You will receive a National Audubon Society membership and our award-winning Audubon magazine with a gift of $20 or more to our state. 

Please consider joining people just like you across the state who care about our birds and the ir habitat, now and for future generations, by making a gift today. Just click here! (Tufted Titmouse photo from Audubon NC)

Wonderful Leucistic Woodpecker

Lynn Moseley has had an exciting experience with a very unusual woodpecker this year. She saw a young  leucistic Downy Woodpecker visiting her yard and was able to photograph it as its plumage changed over three months.

"Leucistic" means the bird has
partially lost pigmentation, resulting in white, patchy coloration of its feathers but not the eyes. Unlike albinism, it is caused by a reduction in multiple types of pigment, not just melanin.

You can see by the photos below that the bird's plumage varied month to month., with the most color in the earliest photo. The dates of the photos are as follows, from the top photo: July 17, Aug. 27, Sept. 8, Sept. 27, and Oct. 16. (Photos by Lynn Moseley)

Viburnum Nudum (Will Stuart)
Bird-Friendly Native Plant Garden at the Executive Mansion

Several Pearson Audubon members attended the dedication on Oct. 26 of the refreshed Victorian garden at the NC Executive Mansion.  NC First Lady Kristin Cooper, in partnership with Audubon North Carolina, the state office of the National Audubon Society, helped refresh the garden with 1,000 native plants that will benefit pollinators, birds, and other wildlife.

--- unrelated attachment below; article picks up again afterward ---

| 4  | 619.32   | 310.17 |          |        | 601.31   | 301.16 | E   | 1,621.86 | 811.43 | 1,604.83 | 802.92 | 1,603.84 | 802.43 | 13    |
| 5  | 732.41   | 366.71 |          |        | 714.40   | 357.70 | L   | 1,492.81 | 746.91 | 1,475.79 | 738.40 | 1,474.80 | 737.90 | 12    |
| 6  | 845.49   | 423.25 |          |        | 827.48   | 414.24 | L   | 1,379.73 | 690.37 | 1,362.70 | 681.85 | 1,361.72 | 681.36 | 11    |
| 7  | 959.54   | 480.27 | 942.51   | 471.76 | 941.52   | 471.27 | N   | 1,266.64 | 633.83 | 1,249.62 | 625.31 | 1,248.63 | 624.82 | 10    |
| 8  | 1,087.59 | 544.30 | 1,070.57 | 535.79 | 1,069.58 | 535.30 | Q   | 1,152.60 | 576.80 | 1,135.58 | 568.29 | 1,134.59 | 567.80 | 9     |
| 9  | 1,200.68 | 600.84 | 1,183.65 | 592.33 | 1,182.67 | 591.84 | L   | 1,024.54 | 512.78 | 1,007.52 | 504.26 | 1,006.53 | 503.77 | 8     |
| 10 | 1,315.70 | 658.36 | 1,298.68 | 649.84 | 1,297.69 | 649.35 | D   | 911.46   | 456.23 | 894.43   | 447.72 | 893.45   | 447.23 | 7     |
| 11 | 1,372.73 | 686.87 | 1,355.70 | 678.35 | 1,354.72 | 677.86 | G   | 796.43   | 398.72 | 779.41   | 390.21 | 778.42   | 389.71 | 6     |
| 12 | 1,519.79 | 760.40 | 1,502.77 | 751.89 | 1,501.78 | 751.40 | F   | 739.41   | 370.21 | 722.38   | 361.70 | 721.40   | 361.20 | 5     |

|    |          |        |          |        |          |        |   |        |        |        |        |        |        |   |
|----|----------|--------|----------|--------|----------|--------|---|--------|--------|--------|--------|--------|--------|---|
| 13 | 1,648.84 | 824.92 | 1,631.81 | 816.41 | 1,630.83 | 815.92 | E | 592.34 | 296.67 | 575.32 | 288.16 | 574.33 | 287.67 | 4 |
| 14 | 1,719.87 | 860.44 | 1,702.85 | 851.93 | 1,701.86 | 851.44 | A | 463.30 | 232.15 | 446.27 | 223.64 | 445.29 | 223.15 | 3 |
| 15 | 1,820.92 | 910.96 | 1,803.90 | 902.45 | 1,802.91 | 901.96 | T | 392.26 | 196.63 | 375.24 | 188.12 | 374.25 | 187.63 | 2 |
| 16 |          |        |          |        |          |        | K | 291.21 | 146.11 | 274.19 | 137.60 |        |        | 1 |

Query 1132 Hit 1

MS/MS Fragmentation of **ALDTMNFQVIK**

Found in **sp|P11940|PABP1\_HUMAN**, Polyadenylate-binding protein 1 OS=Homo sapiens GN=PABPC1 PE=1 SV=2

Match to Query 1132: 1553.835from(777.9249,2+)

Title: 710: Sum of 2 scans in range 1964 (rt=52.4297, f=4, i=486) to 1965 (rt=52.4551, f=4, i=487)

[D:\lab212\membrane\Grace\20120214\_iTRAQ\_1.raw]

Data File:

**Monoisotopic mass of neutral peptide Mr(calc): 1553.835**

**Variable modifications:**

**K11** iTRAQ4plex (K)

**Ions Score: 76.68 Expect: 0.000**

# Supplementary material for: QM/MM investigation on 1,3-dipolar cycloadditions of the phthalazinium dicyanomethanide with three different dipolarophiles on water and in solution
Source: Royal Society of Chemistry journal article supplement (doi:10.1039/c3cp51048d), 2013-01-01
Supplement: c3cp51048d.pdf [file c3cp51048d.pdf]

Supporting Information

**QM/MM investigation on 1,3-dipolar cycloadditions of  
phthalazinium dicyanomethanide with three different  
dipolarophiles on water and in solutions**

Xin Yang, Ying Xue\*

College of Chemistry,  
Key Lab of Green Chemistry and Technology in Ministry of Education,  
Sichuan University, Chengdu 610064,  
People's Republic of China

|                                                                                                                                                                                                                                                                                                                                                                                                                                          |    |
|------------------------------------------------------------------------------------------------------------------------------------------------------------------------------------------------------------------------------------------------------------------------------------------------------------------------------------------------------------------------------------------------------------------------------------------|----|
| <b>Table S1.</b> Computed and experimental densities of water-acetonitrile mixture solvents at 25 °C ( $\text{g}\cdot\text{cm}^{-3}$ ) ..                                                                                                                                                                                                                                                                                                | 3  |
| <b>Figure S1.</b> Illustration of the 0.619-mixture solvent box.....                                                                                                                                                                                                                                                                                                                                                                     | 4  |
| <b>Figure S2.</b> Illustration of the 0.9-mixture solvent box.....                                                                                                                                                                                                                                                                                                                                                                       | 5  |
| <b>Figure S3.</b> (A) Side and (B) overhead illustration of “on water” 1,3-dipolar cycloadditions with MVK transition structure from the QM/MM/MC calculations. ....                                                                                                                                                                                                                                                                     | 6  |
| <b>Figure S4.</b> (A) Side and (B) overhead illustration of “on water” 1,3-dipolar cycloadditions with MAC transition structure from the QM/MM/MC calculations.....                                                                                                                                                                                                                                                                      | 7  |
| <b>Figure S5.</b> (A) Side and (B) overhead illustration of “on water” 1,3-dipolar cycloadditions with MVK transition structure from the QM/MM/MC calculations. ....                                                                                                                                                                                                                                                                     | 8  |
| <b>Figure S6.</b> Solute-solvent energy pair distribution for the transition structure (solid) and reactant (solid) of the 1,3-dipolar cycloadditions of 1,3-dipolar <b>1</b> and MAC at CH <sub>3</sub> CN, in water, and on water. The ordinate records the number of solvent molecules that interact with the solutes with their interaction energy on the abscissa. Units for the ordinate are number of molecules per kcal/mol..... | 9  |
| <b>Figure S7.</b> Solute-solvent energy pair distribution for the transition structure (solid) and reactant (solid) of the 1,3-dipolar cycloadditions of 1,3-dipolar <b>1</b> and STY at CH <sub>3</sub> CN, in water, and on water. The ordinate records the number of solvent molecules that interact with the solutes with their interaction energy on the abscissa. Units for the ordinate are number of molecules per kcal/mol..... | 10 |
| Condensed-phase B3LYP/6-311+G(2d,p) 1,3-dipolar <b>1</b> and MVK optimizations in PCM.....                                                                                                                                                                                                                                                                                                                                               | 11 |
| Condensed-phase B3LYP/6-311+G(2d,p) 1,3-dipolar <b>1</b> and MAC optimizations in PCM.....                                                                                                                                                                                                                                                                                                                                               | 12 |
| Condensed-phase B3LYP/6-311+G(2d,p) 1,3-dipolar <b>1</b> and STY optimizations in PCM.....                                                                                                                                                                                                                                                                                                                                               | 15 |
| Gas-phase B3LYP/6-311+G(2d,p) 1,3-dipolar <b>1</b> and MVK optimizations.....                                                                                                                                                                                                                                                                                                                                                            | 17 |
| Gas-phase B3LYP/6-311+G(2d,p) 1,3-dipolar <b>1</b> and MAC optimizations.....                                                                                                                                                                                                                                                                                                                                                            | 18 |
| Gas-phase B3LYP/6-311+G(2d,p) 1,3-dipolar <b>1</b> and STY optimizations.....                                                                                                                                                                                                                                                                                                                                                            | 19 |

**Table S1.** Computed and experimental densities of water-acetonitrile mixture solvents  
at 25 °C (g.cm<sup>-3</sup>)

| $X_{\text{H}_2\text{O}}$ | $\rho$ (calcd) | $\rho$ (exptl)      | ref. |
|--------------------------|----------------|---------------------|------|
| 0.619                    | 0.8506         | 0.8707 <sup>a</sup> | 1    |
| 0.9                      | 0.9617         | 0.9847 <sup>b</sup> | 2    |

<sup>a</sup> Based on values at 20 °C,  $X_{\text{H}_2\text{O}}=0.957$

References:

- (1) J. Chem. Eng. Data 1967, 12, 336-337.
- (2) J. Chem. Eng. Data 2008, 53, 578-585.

“As someone who loves birds, gardening and our natural environment, I wanted the Executive Mansion native plant garden to be a model for those interested in supporting birds and wildlife in their own backyards,” Kristin Cooper said. “Native plants are eco-friendly, support a wider range of pollinators and birds, and require less watering, maintenance and ongoing expense.  Whether North Carolinians plant just one, or hundreds of native plants in their backyards, they are making a real difference for birds and other pollinators.”
Audubon North Carolina worked alongside the First Lady to design the garden and raise private funds to purchase the bird-friendly native plants.: Local Audubon chapters from the mountains to the coast contributed to the project, alongside the generous support of private donors.  New Hope Audubon Society volunteer and landscaping company owner Ben Skelton donated the garden design.